I'll be giving a presentation in an (online only) academic conference shortly.

Question: Would it be unprofessional to use emoji in my conference presentation slides?

Here's how I think about this issue:

  • I've noticed in my personal life that almost everyone uses emoji when messaging / texting / WhatsApping, thus, I have the sense that as people are comfortable with using and seeing emoji. I feel like using a few emoji can help with communicating, and being a little bit less formal in my presentation. Of course, I don't want to go overboard with overusing emoji in every slide.
  • I'm a relatively younger faculty member, so I'm not sure if the "old folks" will find it too informal or unprofessional if they see emoji in my presentation slides, given that traditionally, presentation slides are quite formal.

2 Answers 2


I'll reprise my answer to another question, which was about emojis in a paper:

I'll answer from the perspective of a different field. In the biomedical sciences, it isn't uncommon to use some cartoonish representations to depict animal tasks/procedures, particularly because actual pictures of animal subjects are often avoided for a number of reasons. The same can be true for human subjects.

I wouldn't think twice about seeing a smiling versus frowning monkey indicating task performance in a figure, as long as it was instructive/guiding and not interrupting/distracting. Same for other types of icons like thumbs up/down. Certainly emojis in text would be totally different.

I think all the same applies to a presentation, except that at least in my field (and country) presentations are quite a bit less formal than actual papers (though conference presentations are typically more formal than talks given at a local university, whether by local or visiting speakers).

I would not use emoji to replace text. They're perfectly fine used as icons to represent positive/negative. If nothing else I assume they have an extremely permissive license so there's no worry about other "clip art" you might otherwise use.

I'd avoid being too distracting with them: a smile/frown has obvious meaning to everyone, but if your image is going to leave someone in the audience wondering what that icon means instead of thinking about your content, you're doing yourself and them a disservice.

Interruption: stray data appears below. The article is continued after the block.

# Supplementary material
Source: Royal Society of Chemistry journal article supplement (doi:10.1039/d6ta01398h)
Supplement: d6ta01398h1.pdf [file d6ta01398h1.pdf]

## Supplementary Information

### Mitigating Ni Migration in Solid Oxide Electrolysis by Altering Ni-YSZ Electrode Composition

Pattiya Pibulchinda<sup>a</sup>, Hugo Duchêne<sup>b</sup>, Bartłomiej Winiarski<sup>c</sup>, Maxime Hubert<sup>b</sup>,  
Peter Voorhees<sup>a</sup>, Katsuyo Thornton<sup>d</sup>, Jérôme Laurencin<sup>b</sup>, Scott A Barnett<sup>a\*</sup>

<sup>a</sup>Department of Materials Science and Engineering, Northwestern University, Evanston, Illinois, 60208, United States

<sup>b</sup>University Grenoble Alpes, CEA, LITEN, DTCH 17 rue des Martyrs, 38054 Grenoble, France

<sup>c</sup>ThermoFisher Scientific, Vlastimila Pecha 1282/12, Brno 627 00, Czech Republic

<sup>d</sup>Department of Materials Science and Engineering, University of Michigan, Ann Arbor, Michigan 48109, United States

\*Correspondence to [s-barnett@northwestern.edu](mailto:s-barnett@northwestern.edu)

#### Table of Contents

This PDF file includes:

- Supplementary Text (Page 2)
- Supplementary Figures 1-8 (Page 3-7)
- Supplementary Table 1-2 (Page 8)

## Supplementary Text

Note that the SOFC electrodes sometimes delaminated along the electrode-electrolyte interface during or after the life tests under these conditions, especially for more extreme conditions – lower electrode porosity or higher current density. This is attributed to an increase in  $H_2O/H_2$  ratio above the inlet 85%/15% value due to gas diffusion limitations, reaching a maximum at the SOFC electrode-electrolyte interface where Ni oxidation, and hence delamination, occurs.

I recall seeing a late-night talk show where they do a bit where they put something like 8 emoji in a row that tell a story from the news. An audience member is supposed to try to figure out what they mean before the host delivers the punch line. They're mildly amusing once you know what is meant, but the audience member never gets it right because, well, that's a terrible way to communicate. Don't do that.

I'd also avoid any subjects that wouldn't be appropriate in the setting as a non-emoji. If you wouldn't normally make sex jokes in your talk, don't do it with emojis either. Unless your talk is actually about fruits and vegetables, probably best to stay clear of peaches and eggplants, or to choose different produce representatives.

  • You have reminded me that professional v unprofessional isn't an all or nothing thing, but there are degrees.
    – Buffy
    Jul 9, 2021 at 16:23
  • 3
    Hmmm. I've never seen that before - sheltered I guess: cursorfeed.com/peaches-and-eggplants
    – Buffy
    Jul 9, 2021 at 16:28
  • 5
    @Buffy Yeah, that's partly why I wanted to mention it in my answer... I think if anything it's possibly more important to caution the older generation against using emojis rather than the younger, because the people who didn't "grow up" with emojis used for sexual and other slang in their teen years might be less familiar with hidden meanings. Another good reason to keep it to simple and familiar icons.
    – Bryan Krause
    Jul 9, 2021 at 16:33

When teaching, including graduate courses (in math, in the U.S.), nowadays I do routinely use smiling/frowning emojis to denote success versus failure or trouble.

Also, giving Zoom talks via prepared PDFs, I do add handwritten smiling/frowning emojis on occasion, partly to show appraisal of the situation, but also for the audience's amusement. But I do not have the emojis typeset into the PDFs, since I usually like to gauge the attitude of the audience first.

Perhaps I'm old enough, already having proven my "seriousness", that it's easier for me to "get away with" this, in contrast to much younger people who may still be needing to prove their gravitas?

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